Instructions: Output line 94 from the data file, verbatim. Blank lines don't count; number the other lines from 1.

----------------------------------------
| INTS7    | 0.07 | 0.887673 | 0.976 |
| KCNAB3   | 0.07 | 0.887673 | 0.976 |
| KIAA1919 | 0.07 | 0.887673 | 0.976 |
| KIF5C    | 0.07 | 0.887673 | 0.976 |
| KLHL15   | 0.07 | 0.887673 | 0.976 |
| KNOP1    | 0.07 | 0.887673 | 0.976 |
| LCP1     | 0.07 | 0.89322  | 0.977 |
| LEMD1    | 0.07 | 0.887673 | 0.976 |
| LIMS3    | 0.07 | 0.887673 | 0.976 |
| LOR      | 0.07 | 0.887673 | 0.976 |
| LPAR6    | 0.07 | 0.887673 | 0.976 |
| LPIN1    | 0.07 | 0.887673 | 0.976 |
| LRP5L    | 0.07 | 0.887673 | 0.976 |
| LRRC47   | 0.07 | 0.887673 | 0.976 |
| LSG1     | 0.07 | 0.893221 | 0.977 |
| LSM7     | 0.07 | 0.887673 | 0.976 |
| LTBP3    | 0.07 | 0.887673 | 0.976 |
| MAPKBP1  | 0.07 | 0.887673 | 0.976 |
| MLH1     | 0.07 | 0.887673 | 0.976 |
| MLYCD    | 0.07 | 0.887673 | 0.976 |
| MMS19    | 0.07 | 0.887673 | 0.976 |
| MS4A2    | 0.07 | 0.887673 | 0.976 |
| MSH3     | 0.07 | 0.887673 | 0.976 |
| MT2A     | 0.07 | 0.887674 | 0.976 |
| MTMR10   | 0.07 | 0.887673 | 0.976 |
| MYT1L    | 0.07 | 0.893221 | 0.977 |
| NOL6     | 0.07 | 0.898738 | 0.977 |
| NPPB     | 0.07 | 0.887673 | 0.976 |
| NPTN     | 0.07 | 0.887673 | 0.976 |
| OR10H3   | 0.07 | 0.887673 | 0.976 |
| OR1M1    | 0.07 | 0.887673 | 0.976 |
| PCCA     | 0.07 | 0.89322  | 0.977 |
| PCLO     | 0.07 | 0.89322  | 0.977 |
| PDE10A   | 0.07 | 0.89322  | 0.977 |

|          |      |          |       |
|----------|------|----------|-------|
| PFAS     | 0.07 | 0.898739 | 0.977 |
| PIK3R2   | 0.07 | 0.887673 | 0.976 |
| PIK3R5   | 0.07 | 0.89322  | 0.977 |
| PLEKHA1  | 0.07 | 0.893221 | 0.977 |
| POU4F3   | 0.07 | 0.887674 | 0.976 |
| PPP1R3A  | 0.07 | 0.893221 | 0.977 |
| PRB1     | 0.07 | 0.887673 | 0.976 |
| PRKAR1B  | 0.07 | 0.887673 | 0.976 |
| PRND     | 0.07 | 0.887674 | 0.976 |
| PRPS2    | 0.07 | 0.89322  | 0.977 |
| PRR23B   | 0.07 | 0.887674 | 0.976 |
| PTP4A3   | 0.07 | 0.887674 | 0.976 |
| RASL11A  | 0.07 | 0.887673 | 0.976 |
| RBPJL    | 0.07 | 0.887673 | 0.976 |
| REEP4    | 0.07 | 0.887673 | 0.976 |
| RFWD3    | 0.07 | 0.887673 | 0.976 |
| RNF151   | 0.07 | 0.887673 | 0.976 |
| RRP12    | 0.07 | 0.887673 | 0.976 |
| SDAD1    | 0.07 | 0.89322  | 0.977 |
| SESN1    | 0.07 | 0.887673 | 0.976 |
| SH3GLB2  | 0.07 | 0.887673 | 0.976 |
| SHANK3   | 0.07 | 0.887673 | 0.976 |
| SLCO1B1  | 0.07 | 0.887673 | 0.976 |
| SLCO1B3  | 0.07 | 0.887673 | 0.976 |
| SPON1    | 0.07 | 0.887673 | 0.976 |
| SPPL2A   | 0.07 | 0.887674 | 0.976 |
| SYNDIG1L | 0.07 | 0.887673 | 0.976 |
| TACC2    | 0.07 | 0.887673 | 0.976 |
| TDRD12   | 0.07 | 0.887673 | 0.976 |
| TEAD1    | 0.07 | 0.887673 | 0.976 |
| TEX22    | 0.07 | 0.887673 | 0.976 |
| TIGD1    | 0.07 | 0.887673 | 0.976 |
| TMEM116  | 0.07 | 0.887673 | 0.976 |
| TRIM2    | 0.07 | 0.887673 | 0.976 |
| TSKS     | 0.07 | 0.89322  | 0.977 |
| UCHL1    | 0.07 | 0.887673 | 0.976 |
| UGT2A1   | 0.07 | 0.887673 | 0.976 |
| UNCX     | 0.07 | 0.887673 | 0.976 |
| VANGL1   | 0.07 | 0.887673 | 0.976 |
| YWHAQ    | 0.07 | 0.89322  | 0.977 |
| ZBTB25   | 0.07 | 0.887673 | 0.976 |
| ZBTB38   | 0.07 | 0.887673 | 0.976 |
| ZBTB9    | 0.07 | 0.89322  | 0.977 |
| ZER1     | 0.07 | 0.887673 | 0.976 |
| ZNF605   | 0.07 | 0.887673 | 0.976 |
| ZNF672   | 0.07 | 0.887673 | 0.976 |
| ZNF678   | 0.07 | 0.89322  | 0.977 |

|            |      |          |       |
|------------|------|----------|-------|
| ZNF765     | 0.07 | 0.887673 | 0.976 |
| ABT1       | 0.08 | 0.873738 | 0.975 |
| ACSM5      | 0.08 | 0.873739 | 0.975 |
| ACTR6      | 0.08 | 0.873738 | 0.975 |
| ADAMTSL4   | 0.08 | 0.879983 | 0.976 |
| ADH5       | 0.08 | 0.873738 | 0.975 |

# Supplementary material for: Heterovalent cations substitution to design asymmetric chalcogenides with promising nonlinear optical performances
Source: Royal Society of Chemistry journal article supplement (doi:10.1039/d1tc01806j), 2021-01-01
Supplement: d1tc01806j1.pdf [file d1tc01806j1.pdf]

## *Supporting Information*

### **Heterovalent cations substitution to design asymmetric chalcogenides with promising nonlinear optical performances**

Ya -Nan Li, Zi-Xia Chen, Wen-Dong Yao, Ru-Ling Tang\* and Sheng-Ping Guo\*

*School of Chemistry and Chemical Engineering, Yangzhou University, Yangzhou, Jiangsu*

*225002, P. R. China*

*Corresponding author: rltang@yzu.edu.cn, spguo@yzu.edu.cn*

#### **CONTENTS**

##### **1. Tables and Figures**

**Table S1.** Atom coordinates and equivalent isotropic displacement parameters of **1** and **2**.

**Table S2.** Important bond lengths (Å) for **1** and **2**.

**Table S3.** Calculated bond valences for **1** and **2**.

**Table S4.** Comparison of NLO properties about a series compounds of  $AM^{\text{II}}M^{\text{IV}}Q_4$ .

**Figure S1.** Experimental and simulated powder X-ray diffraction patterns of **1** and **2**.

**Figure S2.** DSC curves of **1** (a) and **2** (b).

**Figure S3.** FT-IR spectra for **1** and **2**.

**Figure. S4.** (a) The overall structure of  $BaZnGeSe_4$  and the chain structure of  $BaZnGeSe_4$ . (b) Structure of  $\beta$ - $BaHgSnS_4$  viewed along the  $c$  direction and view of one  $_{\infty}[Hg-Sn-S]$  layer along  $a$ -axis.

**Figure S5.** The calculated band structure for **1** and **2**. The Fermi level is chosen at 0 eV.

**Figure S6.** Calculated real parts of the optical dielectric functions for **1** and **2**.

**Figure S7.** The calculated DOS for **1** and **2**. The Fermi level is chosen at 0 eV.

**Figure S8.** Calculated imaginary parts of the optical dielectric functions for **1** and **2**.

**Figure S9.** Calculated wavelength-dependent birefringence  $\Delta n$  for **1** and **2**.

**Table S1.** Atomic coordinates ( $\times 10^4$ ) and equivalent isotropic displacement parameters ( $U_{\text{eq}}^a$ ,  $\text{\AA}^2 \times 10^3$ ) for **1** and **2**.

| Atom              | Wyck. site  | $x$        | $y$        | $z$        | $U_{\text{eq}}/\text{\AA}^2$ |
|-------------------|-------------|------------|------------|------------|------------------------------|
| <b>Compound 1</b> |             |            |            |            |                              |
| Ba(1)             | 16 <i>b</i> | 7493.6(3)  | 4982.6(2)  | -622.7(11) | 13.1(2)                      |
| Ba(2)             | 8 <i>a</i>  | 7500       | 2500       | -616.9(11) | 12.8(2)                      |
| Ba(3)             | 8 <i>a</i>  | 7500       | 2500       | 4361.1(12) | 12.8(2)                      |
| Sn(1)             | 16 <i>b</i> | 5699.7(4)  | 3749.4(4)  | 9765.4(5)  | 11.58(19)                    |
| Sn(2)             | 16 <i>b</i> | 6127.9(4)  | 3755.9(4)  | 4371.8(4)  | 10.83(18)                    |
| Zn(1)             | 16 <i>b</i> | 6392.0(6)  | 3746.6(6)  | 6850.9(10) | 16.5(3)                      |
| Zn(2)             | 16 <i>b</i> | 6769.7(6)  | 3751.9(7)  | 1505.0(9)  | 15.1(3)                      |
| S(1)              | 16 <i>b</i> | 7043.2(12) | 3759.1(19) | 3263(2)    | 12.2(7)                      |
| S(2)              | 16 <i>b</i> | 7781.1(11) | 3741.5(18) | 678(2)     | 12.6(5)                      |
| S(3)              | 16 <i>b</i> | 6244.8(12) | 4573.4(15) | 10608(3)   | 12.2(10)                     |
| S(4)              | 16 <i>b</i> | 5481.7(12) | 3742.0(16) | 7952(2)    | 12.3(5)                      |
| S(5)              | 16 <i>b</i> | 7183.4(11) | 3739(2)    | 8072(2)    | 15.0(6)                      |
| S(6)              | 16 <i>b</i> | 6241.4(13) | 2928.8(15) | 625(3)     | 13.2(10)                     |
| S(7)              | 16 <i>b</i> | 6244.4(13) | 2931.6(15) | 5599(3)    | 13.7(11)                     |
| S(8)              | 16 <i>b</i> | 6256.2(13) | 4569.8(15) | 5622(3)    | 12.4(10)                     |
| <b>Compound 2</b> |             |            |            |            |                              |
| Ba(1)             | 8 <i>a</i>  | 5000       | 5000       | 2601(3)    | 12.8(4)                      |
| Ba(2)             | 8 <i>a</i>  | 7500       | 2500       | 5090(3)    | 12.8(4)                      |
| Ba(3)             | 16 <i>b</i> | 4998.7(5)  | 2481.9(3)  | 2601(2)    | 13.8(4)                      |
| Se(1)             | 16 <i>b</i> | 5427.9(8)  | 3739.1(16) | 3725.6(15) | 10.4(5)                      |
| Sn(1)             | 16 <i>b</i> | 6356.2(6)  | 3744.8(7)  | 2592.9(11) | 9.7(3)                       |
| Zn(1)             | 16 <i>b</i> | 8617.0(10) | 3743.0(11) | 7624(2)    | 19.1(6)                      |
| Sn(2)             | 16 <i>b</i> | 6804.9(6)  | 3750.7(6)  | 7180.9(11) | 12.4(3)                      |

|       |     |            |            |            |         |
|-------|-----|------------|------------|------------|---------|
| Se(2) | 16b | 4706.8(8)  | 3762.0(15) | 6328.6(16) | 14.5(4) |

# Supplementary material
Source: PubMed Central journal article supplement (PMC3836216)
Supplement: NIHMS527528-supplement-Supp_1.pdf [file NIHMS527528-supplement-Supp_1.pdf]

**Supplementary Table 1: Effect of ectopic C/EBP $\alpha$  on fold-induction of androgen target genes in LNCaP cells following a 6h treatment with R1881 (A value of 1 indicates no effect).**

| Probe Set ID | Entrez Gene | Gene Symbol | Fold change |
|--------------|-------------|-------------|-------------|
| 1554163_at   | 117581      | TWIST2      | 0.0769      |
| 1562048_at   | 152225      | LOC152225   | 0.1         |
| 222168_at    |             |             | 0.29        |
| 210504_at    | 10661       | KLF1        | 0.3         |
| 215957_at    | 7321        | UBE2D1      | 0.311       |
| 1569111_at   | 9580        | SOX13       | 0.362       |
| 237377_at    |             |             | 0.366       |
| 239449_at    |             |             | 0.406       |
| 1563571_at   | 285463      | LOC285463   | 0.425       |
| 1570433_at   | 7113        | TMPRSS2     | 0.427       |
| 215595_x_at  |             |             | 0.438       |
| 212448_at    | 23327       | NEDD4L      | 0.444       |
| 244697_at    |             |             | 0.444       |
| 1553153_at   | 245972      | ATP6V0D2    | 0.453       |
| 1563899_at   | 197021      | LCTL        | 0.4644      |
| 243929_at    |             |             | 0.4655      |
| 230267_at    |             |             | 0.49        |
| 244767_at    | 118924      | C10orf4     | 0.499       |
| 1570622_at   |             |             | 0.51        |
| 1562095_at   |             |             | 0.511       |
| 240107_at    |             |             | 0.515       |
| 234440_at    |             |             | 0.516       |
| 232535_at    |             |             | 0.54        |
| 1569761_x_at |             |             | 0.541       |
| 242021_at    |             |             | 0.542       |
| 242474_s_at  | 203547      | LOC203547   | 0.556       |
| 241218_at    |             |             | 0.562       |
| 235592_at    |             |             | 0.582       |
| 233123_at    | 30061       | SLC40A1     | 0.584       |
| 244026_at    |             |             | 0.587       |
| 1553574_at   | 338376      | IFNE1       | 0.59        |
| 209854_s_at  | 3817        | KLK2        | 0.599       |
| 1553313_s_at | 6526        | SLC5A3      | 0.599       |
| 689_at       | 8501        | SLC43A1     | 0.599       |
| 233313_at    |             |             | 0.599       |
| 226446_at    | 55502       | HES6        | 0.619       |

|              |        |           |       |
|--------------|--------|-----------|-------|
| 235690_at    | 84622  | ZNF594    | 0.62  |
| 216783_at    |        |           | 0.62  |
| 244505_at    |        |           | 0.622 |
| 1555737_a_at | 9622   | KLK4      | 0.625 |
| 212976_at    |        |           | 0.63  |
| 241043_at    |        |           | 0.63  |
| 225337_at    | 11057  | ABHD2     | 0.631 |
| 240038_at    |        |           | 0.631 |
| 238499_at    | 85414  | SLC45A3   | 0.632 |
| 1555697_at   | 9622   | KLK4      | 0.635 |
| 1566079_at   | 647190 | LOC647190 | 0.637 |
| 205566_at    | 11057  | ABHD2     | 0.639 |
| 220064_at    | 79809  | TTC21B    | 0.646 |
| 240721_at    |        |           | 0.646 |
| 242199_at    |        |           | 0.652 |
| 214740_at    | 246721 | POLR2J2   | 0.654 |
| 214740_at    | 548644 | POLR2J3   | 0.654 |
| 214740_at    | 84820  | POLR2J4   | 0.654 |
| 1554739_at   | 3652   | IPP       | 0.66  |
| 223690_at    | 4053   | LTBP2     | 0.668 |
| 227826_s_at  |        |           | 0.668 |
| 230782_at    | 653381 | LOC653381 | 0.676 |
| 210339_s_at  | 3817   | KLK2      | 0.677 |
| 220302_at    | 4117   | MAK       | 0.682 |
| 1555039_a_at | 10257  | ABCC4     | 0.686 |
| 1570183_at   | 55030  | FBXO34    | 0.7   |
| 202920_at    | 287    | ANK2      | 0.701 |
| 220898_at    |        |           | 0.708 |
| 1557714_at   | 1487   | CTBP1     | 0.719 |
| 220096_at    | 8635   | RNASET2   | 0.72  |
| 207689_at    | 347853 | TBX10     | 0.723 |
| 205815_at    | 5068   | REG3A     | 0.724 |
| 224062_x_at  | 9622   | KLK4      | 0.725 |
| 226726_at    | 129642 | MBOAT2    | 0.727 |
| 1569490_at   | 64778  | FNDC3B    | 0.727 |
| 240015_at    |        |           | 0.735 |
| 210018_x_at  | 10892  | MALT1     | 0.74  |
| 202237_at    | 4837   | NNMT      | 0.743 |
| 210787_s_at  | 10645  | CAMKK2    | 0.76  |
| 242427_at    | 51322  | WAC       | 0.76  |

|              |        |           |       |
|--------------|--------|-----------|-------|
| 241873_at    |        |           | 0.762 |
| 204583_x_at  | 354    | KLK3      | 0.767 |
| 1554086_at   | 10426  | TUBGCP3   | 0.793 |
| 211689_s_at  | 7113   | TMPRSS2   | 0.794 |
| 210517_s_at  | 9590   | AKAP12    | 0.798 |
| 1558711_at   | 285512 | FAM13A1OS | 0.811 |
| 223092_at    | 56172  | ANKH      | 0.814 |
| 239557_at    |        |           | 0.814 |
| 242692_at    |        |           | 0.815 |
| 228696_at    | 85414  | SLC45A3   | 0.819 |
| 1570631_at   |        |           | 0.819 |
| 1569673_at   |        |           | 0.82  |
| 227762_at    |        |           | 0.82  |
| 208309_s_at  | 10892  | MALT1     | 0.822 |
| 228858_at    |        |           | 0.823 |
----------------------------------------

Supplement: d1tc01806j1.pdf [file d1tc01806j1.pdf]